It was in 1994 that filmmaker Vidhu Vinod Chopra first mentioned the idea of setting a thriller around two chess players to Abhijat Joshi. Basking in the success of Parinda (1989) and1942: A Love Story (1993), Chopra was busy writing an English language film at that time. So he took up the task of writing the thriller in collaboration with Joshi, who made his official screen debut as a screenwriter in Chopra’s Kareeb (1998), six years later. Initially titled Chess, the title has gone through several changes; Fifth Move and 64 Squares being some of them. The film’s structure, character and probable cast (in the ’90s, Dustin Hoffman was tipped to play the protagonist), too, have undergone a series of alterations. As Wazir, a movie featuring Amitabh Bachchan and Farhan Akhtar releases on January 8, Chopra is happy that the idea for his thriller has finally been realised.
“Now that Wazir is releasing, there is a sense of certain accomplishment. It is strange when an idea that stayed with you for so many years, is culminated,” says Chopra, who conceived the thriller after badminton player Syed Modi was shot dead on July 28, 1988, in Lucknow. “It all started with Modi’s murder. I still have copies of old magazines, which covered this case. However, if you watch Wazir, you would realise it is completely different,” says the director-producer. Wazir is about two unlikely friends — one a wheelchair-bound chess grandmaster and the other a grief-stricken ATS officer, who loses his daughter while chasing terrorists. Together, they fight a dangerous opponent.
Much before Chopra’s Broken Horses released in the US, Wazir was supposed to be his ticket to Hollywood. “At that time, we did not have money. So it was envisaged as an intimate film,” says Chopra. That apart, both Chopra and Joshi were not well-versed with the craft of writing a Hollywood venture. So writing this script became an exercise in honing the craft. “Every day for four years — from 2000 to 2004 — we worked on this script even when I was living in the US. And whenever Vinod visited his sister in Michigan, we wrote it for days together in the basement of her building,” recalls Joshi.
With time, the film’s scale kept growing. “We realised the protagonist can’t be American. We had to bring in our own sensibilities. Our cinema is more flamboyant. So the protagonist needed to be flamboyant too. We thought of making the chess master an Indian and approached Bachchan for it,” says Chopra. Though several studios showed interest in the project, it was not the same for Chopra after Bobby Newmyer, a Hollywood producer, passed away in 2005. A year later, Munna Bhai MBBS (2003) released and its success paved way for heartwarming comedies with a strong message to come out of Chopra’s production house.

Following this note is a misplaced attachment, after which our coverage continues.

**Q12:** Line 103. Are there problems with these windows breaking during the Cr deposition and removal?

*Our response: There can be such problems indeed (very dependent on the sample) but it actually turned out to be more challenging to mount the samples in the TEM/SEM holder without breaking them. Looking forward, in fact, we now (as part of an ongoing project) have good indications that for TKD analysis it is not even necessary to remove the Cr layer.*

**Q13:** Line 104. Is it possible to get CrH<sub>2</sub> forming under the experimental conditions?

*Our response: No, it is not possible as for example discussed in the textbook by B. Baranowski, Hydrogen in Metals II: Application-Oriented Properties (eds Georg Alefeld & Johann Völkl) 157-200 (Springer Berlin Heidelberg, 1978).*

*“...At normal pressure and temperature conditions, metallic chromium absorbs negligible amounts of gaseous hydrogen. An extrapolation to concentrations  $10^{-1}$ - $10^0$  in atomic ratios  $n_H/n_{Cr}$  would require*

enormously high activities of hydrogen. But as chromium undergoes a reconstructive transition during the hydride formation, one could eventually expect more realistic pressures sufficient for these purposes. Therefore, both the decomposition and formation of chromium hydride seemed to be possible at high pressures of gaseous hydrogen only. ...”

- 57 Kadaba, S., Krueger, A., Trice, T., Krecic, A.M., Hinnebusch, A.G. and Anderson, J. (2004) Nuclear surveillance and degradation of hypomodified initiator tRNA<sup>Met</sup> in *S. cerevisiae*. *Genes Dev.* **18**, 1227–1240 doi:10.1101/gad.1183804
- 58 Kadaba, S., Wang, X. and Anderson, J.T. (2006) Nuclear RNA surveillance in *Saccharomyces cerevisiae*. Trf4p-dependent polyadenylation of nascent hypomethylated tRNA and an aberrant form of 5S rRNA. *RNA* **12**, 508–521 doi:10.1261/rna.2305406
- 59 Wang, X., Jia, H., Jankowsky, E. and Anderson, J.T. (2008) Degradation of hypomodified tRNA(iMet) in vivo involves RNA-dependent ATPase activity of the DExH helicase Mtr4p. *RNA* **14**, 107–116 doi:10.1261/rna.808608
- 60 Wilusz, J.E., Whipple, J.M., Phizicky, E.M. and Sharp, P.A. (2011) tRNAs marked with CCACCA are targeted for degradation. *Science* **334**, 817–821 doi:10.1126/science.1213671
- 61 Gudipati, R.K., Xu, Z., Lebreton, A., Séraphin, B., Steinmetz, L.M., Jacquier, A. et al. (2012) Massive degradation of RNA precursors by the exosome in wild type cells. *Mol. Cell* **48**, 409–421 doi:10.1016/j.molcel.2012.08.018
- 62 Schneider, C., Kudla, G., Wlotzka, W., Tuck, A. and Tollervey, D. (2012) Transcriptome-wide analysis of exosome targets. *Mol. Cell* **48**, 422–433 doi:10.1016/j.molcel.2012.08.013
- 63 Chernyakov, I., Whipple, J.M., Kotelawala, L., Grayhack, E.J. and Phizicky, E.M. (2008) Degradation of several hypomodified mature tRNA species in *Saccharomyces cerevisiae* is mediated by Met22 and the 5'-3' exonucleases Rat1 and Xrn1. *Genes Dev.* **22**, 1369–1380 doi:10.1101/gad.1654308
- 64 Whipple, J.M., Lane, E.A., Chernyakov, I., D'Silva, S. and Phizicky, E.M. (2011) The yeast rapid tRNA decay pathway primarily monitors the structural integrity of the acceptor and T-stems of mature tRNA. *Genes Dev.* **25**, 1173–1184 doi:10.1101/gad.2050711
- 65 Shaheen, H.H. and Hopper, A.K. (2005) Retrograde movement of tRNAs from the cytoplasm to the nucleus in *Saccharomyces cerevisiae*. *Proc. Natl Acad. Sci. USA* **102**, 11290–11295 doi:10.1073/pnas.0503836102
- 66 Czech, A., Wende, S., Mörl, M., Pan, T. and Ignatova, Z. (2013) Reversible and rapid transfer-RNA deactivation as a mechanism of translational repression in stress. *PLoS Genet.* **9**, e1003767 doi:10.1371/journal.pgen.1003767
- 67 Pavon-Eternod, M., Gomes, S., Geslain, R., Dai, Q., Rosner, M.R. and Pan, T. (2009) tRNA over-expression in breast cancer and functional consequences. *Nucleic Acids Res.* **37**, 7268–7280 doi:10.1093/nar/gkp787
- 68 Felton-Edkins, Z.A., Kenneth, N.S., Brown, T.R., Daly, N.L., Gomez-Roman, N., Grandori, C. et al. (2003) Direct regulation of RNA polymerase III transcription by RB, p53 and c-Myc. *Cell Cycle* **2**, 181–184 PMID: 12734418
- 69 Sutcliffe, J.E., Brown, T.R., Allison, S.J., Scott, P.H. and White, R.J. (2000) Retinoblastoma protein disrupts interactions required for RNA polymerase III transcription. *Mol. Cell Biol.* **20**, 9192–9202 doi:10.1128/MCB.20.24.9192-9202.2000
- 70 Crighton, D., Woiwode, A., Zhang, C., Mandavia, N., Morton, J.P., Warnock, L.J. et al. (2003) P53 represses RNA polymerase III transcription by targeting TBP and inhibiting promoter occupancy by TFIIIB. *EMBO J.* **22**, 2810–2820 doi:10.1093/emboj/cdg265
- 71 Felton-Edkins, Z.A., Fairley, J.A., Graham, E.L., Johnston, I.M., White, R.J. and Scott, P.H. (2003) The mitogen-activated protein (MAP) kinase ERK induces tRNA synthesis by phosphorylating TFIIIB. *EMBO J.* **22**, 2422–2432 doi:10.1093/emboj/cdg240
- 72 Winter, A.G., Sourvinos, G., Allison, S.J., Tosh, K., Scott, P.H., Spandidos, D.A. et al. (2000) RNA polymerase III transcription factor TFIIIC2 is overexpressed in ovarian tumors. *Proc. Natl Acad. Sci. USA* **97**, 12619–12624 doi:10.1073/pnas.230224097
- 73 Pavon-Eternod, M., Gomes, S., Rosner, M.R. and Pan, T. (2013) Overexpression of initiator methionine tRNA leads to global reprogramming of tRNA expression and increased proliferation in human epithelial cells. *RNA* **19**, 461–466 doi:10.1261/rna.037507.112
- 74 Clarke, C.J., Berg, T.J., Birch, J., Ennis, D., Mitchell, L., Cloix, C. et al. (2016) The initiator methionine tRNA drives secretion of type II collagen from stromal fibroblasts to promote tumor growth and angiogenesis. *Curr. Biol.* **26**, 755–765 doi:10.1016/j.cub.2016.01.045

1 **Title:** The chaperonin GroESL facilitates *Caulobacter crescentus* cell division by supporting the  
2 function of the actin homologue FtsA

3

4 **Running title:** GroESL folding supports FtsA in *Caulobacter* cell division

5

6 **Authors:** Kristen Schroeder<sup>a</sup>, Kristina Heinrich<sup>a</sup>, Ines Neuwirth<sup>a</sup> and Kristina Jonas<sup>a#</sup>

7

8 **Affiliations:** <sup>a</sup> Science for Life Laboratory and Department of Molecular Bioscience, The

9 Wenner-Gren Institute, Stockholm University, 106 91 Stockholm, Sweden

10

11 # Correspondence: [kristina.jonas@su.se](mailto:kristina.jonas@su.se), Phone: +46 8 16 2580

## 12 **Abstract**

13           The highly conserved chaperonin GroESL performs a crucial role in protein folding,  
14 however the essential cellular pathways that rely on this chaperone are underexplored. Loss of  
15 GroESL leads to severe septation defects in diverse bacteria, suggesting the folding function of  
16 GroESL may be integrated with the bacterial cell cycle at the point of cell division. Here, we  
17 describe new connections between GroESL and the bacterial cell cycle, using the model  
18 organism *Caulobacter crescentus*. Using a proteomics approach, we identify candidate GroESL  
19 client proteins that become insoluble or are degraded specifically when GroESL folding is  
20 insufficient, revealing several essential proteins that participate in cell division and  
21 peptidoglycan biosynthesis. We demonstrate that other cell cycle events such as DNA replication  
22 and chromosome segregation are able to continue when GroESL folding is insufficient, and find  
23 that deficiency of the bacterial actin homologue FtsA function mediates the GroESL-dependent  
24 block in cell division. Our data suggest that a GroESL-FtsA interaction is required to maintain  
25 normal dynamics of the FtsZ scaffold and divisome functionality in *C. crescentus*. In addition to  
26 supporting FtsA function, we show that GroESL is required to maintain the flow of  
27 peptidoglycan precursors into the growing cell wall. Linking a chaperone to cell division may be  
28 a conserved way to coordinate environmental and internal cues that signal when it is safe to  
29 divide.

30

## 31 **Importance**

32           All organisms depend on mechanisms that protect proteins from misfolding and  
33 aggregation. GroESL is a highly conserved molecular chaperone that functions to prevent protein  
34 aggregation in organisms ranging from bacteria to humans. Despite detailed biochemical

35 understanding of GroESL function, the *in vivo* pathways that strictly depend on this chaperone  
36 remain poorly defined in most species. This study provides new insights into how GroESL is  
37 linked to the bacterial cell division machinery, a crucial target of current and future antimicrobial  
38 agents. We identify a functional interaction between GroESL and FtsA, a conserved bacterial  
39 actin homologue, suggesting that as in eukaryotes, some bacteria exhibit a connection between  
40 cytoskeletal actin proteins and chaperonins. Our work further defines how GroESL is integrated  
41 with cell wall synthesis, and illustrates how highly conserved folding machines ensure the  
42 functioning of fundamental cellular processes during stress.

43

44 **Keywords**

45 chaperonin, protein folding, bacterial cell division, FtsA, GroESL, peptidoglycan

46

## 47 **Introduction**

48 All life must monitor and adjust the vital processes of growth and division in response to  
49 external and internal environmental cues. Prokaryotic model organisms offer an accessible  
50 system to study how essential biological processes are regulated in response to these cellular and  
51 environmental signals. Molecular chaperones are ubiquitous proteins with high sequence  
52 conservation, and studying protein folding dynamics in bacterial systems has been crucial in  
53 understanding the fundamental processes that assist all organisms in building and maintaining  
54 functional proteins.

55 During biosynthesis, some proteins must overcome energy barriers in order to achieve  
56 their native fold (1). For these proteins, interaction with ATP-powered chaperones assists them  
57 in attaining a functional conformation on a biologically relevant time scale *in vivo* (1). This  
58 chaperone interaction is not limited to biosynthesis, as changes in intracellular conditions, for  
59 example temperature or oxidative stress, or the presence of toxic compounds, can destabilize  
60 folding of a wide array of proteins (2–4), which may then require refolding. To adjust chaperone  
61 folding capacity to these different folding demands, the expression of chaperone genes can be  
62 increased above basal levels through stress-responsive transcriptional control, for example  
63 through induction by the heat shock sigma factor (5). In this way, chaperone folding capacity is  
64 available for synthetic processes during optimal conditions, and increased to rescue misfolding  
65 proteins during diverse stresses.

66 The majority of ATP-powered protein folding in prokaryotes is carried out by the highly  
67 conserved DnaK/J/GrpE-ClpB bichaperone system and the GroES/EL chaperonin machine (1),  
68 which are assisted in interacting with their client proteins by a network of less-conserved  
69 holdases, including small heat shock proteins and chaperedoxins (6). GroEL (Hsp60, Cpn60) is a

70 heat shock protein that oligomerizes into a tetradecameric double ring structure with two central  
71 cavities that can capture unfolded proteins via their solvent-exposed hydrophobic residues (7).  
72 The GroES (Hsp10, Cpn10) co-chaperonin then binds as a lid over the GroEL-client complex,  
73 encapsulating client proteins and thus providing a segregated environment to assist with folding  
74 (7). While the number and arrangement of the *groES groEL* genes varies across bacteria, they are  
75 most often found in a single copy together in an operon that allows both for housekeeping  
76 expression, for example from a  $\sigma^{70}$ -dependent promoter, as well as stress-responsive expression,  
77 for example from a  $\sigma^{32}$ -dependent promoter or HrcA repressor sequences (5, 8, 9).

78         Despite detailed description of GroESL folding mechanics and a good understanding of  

Two years ago, Chopra came across Bejoy Nambiar-directed David (2013). Impressed with the movie, Chopra called Nambiar and proposed that the latter take a look at the script of Wazir, which was in English. For the next two years, a bunch of writers worked on adapting the script in Hindi and Joshi was roped in to supervise the process. Chopra approached Bachchan once again to play the role of a chess master. “Bachchan had read the original script 12 years ago. He, of course, remembered it when I mentioned the script,” he said.
While Bachchan’s nod did not come as a surprise to Chopra, Akhtar saying yes to the role of an ATS officer puzzled him. “At that time, Javed Akhtar (Farhan’s father) and I were engaged in a public verbal duel. When I asked Farhan what made him agree to take up the role, he said, ‘The script is so good that I will bear with you’,” recalls Chopra with a chuckle. Though for the film, which is shot in Delhi and Kashmir, Chopra and Joshi consulted chess experts in America, the film is less about chess and more about friendship.
In Wazir, Joshi shares the credit for editing — a first for him — along with Chopra. According to Chopra, the story of Wazir was tweaked and fine-tuned constantly during its seven-month-long editing period. “I strongly believe that a story is rewritten on the editing table. Hence, the credit for Joshi,” says Chopra. While editing the film, Chopra missed his first wife, late Renu Saluja, very much. “Renu had edited Khamosh, a thriller I had made in 1985. She always wanted me to make another,” says Chopra.